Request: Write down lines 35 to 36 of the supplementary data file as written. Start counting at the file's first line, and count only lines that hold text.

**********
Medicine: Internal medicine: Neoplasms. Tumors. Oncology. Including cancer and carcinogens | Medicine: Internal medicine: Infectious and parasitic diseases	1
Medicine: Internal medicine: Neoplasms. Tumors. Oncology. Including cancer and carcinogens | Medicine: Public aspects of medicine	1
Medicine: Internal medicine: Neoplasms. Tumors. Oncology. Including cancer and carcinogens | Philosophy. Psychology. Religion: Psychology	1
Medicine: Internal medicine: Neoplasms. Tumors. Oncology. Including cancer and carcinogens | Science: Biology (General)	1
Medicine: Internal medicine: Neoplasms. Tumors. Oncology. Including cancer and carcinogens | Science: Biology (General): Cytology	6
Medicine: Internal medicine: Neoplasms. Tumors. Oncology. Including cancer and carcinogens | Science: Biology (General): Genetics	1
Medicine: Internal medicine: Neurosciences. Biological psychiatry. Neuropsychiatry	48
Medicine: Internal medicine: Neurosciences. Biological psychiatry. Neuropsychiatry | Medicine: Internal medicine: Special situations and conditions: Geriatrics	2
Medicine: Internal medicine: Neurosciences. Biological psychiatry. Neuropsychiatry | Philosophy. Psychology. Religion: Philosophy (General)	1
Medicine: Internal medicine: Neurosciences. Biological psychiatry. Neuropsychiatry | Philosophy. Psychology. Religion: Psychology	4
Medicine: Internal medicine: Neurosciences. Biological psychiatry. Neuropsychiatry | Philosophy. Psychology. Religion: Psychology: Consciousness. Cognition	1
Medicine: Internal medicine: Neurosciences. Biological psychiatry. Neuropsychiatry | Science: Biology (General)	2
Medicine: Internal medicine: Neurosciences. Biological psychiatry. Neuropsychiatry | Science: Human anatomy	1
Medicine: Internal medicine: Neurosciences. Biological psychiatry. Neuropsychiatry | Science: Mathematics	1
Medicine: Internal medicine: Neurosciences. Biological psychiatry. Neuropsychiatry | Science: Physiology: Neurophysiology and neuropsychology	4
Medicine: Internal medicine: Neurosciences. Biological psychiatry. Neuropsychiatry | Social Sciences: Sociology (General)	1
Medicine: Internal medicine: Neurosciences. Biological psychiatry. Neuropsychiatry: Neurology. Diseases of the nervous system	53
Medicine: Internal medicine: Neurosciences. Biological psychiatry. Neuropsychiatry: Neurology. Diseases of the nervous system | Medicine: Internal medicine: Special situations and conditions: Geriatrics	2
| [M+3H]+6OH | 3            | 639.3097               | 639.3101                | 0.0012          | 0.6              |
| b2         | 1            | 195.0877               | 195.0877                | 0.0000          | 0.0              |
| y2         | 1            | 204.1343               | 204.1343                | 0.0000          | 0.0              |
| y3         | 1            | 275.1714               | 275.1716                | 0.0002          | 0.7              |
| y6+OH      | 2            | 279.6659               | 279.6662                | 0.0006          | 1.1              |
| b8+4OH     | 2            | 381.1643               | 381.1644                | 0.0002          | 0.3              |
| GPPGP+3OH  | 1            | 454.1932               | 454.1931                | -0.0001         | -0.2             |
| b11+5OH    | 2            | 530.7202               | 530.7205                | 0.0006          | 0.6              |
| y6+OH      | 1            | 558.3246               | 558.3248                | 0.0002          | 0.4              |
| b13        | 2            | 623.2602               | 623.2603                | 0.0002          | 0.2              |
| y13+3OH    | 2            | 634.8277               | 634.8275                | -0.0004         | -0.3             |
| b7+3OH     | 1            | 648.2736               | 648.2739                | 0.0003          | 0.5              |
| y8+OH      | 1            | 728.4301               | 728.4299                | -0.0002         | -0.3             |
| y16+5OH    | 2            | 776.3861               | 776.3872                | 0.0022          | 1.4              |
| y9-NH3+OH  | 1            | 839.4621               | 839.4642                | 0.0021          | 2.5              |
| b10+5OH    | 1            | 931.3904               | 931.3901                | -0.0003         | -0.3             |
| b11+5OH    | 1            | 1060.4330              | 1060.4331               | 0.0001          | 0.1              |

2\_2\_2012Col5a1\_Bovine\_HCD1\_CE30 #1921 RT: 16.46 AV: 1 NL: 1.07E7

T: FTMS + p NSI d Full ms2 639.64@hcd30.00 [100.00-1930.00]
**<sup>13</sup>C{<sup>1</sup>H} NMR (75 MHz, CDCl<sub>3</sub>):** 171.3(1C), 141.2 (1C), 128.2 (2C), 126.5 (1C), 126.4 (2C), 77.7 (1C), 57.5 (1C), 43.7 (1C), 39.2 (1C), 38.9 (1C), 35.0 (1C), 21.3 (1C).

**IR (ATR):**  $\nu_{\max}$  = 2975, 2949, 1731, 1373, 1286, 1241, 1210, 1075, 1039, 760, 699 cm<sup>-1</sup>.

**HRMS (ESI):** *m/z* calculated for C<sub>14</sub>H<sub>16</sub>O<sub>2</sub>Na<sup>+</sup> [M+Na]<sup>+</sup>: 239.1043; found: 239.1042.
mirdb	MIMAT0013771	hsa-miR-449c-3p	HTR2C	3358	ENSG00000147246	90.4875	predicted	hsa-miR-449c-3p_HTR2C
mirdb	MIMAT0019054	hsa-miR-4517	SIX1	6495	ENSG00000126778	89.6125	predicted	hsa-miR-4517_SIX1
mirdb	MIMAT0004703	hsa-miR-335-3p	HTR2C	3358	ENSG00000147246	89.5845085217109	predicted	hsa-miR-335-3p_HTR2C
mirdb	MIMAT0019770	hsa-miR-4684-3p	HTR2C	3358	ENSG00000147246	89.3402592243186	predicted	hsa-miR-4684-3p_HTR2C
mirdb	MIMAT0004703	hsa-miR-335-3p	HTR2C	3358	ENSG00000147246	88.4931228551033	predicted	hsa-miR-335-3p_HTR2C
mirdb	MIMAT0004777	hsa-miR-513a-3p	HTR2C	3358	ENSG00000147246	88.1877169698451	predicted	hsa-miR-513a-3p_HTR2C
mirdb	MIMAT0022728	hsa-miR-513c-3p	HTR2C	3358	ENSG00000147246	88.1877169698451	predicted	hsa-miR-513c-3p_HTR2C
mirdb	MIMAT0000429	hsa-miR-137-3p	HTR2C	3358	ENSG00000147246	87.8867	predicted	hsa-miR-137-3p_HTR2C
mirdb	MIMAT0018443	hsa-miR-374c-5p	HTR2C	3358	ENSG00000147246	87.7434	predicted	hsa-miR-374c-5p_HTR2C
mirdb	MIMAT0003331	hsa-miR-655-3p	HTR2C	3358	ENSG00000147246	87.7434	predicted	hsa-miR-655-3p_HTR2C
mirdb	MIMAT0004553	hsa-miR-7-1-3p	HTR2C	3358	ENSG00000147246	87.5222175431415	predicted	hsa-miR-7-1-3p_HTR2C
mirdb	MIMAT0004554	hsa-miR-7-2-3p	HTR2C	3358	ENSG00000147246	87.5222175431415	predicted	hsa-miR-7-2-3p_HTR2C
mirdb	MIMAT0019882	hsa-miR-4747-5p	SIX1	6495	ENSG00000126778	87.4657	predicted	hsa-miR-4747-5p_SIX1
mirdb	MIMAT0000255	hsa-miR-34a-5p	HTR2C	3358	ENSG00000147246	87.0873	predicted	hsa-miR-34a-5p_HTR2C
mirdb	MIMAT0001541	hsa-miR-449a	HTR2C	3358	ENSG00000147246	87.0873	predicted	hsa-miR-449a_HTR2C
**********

| b11+5OH    | 1            | 1060.4330              | 1060.4331               | 0.0001          | 0.1              |

2\_2\_2012Col5a1\_Bovine\_HCD1\_CE30 #1921 RT: 16.46 AV: 1 NL: 1.07E7